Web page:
A Homeless Teen Finds Solace In A Teacher And A Recording

Mar 7, 2014
Originally published on March 7, 2014 11:39 am

Aaron didn't intend to tell his classmates that he was homeless. But when he recorded his own story with StoryCorpsU — a project designed to help kids in high-needs schools build stronger relationships with their teachers — he says, it just came out.

"I felt ... like a big load was let off," Aaron explains. (NPR has withheld Aaron's last name, at the request of his foster care agency, to protect his privacy.) "I don't know what made me say it, but I'm like, 'Let me just be honest and just get it out.' "

In his recording, made last year in Chicago, Aaron revealed that he "had to sleep outside, sometimes with nothing to eat. I was ashamed. ... I still am ashamed."

It was only upon hearing Aaron's recording that his teacher, Celeste Davis-Carr, learned that he was living on the streets.

"I was scared, because I felt helpless," Davis-Carr tells Aaron in an interview the two recorded this year. "I didn't know what to do, but at the same time I felt I had an obligation to try my best to help you."

"I didn't really think that I would ever really tell a teacher, but it makes me know that you're special because you care," Aaron says. "You talk to me and make sure that I'm cool.

"Because sometimes kids were bullying me, calling me a freak of nature, throwing chairs, throwing glass and stuff at me," he continues.

In the year since revealing his secret, Aaron says he's doing better. He has more friends and has been living in a foster home since October. "It's good, actually. I feel comfortable. Where I am now — it kind of feels like home."

"Can I tell you one thing that I really admire about you, Aaron?" Davis-Carr asks. "Because I've never told you. Do you know how strong you are? ... You have a strength that, no matter what anyone says about you or they do to you, you don't change who you are as a person. And a lot of people don't have that strength. So I admire that about you."

"Thank you," Aaron replies.

"I want to see you happy," his teacher tells him. "Just your smile is the best moments of you."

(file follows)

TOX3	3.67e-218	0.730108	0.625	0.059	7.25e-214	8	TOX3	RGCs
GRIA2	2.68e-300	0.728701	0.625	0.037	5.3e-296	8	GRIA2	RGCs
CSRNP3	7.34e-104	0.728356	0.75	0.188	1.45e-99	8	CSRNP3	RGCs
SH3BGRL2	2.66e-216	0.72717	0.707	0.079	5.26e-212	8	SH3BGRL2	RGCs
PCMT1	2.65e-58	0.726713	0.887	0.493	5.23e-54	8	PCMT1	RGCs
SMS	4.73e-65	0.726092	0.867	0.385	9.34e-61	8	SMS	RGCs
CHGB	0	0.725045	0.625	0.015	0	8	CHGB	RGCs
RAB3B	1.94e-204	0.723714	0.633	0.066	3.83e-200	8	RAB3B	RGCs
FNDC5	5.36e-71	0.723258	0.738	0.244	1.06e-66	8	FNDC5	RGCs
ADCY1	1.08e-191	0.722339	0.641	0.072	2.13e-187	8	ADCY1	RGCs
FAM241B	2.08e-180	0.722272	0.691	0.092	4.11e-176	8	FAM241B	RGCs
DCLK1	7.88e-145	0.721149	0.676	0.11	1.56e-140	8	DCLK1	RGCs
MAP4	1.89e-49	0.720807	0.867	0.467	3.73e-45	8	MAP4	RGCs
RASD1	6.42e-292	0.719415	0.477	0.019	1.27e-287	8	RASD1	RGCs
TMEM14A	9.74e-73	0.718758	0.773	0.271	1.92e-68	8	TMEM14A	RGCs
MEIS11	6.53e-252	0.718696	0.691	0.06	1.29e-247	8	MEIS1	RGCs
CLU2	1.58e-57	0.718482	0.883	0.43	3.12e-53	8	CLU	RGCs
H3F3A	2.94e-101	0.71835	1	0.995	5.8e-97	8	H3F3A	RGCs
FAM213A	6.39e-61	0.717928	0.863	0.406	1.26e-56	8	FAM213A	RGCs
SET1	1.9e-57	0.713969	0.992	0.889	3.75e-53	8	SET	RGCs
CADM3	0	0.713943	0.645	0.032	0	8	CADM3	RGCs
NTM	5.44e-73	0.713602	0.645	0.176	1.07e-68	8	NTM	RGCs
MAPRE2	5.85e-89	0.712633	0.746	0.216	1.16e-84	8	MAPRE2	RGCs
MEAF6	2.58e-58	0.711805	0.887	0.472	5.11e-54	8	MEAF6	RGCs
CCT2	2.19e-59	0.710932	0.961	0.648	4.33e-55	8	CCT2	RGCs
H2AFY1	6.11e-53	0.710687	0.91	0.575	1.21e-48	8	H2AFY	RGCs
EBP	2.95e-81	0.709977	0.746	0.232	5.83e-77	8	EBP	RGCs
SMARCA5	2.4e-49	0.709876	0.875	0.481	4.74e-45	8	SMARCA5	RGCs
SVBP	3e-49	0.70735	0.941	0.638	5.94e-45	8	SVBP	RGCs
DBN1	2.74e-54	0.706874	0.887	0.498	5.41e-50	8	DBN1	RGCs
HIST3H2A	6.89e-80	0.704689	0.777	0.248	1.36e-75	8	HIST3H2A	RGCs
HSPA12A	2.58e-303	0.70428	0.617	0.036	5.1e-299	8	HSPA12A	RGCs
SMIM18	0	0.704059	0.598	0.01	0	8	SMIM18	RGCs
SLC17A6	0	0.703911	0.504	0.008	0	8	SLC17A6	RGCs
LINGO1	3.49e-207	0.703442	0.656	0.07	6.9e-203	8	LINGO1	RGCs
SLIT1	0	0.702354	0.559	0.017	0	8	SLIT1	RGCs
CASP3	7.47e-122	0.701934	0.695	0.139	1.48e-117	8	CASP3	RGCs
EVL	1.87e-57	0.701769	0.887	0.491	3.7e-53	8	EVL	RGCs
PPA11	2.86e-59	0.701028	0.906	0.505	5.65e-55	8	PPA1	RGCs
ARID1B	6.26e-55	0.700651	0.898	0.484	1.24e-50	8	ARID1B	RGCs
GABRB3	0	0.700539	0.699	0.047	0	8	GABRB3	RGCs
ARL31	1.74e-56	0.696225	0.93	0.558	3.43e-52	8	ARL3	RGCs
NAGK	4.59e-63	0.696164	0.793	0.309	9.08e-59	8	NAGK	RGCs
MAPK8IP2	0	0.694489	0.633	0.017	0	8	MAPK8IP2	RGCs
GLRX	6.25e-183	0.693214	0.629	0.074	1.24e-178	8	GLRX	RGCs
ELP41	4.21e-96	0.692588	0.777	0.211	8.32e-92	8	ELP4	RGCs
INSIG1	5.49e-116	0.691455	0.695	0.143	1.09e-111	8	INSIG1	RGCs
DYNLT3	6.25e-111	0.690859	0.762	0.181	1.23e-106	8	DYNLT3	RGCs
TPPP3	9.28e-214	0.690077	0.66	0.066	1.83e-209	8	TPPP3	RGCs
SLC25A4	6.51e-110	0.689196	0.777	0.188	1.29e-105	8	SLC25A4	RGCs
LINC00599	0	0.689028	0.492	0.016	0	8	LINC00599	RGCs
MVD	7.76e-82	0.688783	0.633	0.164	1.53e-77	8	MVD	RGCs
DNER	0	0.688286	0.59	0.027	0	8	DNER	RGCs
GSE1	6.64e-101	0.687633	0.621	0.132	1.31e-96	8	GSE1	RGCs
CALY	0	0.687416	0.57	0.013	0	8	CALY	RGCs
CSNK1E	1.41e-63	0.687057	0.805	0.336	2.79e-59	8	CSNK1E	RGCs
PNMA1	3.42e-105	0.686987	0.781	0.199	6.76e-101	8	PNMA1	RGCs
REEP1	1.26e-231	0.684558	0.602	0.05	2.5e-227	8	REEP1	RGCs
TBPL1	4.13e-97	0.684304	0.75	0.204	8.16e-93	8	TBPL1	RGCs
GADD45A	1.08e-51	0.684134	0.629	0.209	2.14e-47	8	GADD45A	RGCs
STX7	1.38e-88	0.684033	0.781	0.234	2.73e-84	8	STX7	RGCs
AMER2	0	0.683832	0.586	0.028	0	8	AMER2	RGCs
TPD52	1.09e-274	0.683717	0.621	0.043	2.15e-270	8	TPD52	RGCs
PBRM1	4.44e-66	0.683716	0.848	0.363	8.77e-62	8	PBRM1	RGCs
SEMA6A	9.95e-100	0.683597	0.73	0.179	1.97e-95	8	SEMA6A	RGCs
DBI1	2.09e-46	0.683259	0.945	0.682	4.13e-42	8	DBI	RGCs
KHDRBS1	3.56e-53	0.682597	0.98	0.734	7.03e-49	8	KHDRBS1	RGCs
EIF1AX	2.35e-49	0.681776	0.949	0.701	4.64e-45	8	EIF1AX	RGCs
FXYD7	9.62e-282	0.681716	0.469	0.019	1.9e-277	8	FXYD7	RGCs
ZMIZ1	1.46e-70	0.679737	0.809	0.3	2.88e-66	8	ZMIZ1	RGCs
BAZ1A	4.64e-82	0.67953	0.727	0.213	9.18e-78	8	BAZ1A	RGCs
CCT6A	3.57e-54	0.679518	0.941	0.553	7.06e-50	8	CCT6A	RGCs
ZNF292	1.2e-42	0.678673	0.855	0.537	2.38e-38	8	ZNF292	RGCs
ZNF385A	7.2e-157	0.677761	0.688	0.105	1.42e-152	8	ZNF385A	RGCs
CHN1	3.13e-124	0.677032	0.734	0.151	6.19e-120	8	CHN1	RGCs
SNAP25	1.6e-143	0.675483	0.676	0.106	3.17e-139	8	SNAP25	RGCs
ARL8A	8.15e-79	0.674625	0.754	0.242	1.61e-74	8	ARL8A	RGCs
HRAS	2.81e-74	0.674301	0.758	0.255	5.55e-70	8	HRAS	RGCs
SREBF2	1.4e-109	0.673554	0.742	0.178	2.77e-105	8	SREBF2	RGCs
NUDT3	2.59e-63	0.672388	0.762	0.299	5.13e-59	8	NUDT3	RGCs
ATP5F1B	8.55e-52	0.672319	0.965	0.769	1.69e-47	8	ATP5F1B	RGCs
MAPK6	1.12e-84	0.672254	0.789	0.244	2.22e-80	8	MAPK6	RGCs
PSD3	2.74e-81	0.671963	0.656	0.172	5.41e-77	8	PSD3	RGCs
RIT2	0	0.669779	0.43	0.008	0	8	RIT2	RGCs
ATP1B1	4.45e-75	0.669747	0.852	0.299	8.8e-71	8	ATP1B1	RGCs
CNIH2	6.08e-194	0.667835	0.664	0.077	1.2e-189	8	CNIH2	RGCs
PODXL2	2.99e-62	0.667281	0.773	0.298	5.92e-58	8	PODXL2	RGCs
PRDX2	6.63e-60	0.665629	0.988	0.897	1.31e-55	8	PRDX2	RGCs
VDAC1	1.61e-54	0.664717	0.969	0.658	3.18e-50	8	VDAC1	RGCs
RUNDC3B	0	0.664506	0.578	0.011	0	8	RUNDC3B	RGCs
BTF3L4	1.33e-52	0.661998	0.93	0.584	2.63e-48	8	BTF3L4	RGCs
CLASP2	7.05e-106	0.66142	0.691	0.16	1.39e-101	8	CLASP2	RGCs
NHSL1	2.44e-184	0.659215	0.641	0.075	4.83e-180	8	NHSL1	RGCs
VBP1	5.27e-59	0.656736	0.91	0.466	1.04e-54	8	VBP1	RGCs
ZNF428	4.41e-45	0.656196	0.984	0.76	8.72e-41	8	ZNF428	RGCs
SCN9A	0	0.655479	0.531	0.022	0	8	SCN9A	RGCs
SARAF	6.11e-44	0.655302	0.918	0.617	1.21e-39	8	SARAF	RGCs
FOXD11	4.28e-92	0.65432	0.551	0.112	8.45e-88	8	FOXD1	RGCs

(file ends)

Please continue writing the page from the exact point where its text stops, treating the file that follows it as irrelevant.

"Thank you," Aaron says. "That means a lot to me."

Audio produced for Morning Edition by Nadia Reiman.

Copyright 2014 NPR. To see more, visit http://www.npr.org/.

Transcript

LINDA WERTHEIMER, HOST:

It's Friday, time now for StoryCorps. The project has been rolling out an education program in high needs schools across the country called StoryCorpsU. Kids listen to StoryCorps interviews and then record their own stories, in part to help build stronger relationships with their teachers. Today we'll hear from a student who participated last school year from the Southside of Chicago. At the request of his foster care agency, which wants to protect his privacy, we're only identifying him as Aaron.

When he made this recording, he was homeless.

AARON: Hi, my name is Aaron. I am attending Corliss High School. I don't know, I'm just going through a rough time, basically homeless for five months. I have to sleep outside sometimes with nothing to eat. Kind of ashamed. I still am ashamed.

WERTHEIMER: It was only after hearing this recording that Aaron's teacher, Celeste Davis-Carr, learned that he was living on the streets. They recently sat down face to face to talk about Aaron's struggles.

CELESTE DAVIS-CARR: When you shared your StoryCorps recording with everyone, how did you feel, Aaron?

AARON: I felt awkward, like a big load was let off, 'cause I mean, I just said it. I don't know what made me say it, but I'm like, let me just be honest and just get it out.

DAVIS-CARR: I was scared because I felt helpless. I didn't know what to do, but at the same time I felt I had an obligation to try my best to help you.

AARON: Yeah, I didn't even know you actually listened to that one.

DAVIS-CARR: I listened to all of them, Aaron.

AARON: Yeah. I didn't really think that I would ever really tell a teacher, but it makes me know that you're special because you care. Like, you talk to me and make sure that I'm cool, 'cause sometimes kids were bullying me, calling me a freak of nature, throwing chairs, throwing glass and stuff at me.

DAVIS-CARR: I've had to deal with some bullying issues when I was in school, but not to the extent that you have. I was always picked on because I was a tomboy.

AARON: You seem pretty cool. I wouldn't think no one would mess with you.

DAVIS-CARR: So overall, how do you feel? Do you have more friends this year?

AARON: Yes. I have more friends this year.

DAVIS-CARR: So it's better than last year.

AARON: Yeah. I'm in a foster home now, been since October.

DAVIS-CARR: Do you feel different living in a foster home?

AARON: It's good, actually. I feel comfortable. Where I am now, it kind of feels like home.

DAVIS-CARR: So can I tell you one thing that I really admire about you, Aaron? Because I've never told you. Do you know how strong you are?

AARON: No.

DAVIS-CARR: You never realized that. But you have a strength that no matter what anyone says about you or they do to you, you don't change who you are as a person. And a lot of people don't have that strength. So I admire that about you.

AARON: Thank you.

DAVIS-CARR: Don't make me cry again. I want to see you happy. Just your smile is the best moments of you.

AARON: Thank you. That means a lot to me.

WERTHEIMER: That's Aaron with his teacher Celeste Davis-Carr in Chicago. They recorded this interview through StoryCorps' education program, StoryCorpsU. It's now being taught in schools in four cities across the country. To learn more, go to StoryCorpsU.org. Transcript provided by NPR, Copyright NPR.